We’ve all heard the statistics. Over half of women in the U.S are size 12 or larger with the average American woman between a size 16 and 18. But until recently, this lucrative demographic – with an estimated $20 billion growth opportunity – has been ignored. As a marketer, it’s puzzling why such a potentially profitable target audience has been underserved for so long.
But is the fashion industry finally shaping up? Recent changes indicate the days of full-figured women’s options being limited to either a navy or black elastic waist pull-on pant may be going away. Minneapolis-based Target just launched the Universal Thread collection – featuring primarily denim and casualwear – in every size from 00 to 26W.
Big name fashion brand icons like J Crew, Banana Republic and Ann Taylor Loft have all recently announced expansions to their traditional size offerings. Loft proudly launched a plus size collection in February featuring a countdown clock to the grand opening on their website and the message “Because no two bodies are alike – and that’s a beautiful thing”. True to their brand, their extended sizes collection features fashion-forward clothing in the same vibrant colors and bold patterns found in their standard line.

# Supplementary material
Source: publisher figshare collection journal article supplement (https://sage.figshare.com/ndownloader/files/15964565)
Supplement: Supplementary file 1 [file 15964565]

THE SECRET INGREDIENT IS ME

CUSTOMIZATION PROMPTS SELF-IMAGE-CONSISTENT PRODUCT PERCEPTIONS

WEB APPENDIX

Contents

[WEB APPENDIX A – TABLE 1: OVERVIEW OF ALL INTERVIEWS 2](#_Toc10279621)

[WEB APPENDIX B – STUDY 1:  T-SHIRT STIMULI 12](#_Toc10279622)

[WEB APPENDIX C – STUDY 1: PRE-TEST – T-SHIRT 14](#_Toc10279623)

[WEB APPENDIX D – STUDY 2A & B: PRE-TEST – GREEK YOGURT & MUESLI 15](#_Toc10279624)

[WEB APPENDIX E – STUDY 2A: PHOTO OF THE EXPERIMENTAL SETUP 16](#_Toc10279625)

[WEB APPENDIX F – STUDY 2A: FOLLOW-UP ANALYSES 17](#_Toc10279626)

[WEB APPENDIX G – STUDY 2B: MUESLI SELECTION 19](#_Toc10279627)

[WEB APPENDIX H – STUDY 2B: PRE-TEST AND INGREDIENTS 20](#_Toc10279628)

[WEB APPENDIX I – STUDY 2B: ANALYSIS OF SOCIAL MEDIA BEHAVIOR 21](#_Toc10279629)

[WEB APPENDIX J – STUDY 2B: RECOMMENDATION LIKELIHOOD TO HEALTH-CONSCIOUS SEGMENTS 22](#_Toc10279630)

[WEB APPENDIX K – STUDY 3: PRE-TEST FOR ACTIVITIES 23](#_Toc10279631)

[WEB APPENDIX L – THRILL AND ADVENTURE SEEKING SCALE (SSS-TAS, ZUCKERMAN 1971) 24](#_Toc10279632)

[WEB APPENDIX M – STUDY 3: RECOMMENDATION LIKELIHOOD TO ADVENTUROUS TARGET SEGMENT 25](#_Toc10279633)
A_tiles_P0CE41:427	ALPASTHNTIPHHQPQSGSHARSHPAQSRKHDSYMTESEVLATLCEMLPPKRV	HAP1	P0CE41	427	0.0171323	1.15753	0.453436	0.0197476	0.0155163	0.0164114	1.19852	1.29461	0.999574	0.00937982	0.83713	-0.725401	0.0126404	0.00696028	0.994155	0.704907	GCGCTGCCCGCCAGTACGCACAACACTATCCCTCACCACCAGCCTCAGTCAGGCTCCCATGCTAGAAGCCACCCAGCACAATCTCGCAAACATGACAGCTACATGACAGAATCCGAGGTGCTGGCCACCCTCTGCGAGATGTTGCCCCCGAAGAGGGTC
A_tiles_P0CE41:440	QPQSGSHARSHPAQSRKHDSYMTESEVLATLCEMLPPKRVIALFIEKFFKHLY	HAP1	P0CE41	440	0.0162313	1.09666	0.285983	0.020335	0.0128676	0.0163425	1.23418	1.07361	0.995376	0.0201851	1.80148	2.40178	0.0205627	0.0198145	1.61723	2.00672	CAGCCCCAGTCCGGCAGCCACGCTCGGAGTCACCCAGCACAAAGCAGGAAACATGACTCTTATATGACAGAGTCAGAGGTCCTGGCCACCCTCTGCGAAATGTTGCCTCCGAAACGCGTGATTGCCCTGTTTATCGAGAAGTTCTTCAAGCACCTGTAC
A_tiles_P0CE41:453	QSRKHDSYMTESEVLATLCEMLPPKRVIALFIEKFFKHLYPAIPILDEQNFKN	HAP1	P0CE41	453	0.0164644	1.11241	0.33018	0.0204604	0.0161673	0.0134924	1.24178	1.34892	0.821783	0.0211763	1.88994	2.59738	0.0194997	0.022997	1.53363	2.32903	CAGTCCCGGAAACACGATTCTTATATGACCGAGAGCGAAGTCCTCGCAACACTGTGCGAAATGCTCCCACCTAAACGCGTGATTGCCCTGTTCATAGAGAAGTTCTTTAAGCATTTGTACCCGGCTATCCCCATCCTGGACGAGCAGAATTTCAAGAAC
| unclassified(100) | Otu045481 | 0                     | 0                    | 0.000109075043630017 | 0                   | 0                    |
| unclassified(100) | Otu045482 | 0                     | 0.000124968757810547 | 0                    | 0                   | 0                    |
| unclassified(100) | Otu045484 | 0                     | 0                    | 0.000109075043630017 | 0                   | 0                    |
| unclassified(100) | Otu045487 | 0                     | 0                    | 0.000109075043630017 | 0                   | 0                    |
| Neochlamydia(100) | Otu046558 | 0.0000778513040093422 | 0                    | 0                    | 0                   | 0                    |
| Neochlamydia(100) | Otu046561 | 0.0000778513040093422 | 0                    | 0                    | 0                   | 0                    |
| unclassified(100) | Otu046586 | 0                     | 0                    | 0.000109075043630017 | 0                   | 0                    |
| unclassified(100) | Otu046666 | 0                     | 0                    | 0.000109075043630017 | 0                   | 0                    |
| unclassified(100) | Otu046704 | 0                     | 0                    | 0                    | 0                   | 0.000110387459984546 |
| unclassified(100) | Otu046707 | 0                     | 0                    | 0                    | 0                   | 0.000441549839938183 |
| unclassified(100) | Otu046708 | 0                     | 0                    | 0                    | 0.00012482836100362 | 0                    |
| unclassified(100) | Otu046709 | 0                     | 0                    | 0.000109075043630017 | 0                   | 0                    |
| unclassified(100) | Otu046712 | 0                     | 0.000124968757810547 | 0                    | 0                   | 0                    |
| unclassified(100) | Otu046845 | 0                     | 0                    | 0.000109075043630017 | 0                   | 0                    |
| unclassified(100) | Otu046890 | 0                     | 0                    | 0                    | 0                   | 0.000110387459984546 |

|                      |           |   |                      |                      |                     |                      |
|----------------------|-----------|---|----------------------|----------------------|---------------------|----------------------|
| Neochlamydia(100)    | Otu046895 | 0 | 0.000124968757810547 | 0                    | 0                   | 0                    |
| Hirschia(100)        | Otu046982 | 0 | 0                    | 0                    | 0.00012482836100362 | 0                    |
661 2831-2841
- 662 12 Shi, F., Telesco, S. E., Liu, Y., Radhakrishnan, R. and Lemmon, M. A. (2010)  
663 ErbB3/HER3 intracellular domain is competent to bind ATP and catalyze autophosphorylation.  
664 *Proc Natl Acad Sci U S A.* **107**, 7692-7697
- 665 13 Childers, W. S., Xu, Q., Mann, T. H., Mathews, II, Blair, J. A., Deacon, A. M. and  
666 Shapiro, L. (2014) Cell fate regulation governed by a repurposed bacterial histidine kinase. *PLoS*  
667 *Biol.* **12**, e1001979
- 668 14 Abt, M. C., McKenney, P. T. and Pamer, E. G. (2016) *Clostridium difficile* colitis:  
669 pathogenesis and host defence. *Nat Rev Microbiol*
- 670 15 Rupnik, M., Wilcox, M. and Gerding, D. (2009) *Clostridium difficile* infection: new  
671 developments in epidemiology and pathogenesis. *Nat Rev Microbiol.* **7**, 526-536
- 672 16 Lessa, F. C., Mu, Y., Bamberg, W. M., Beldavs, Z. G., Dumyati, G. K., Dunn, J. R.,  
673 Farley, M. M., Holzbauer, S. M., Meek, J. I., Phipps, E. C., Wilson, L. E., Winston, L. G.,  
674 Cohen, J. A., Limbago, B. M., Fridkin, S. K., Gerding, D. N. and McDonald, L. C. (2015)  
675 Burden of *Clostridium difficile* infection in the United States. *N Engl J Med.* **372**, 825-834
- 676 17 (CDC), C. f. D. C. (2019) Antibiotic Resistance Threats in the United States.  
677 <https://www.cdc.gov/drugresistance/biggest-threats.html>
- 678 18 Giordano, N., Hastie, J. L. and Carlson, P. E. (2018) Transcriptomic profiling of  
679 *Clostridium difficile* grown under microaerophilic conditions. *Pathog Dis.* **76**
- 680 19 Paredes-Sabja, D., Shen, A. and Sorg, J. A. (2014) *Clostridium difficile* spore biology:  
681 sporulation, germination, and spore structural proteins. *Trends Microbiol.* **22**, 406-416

The majority of extended size product is limited to online shopping. But changes are happening at the brick and mortar locations as well. Target is now prominently displaying fashion mannequins of all shapes and sizes throughout their apparel department. Larger models are also being featured in advertising – both print and online. And flipping through clothing racks at stores like Target, Macy’s and Old Navy, you’re likely to find many more selections in sizes like 16W or even 3XL in all offerings.
Could the day be coming when plus or extended size fashion isn’t buried in the far back corner or basement of the store? Better yet, could we just eliminate phrases like plus size or special sizes from our vocabulary and merge clothing into one universal department? After all, do we really want to be special? Or plus? Couldn’t we all just be equal instead?
As marketers, we see a leadership opportunity for the retail fashion industry: to not only embrace creating fashionable products for people of all sizes, but also to stop using the labels that perpetuate the stigma of wearing a larger size. What do you think?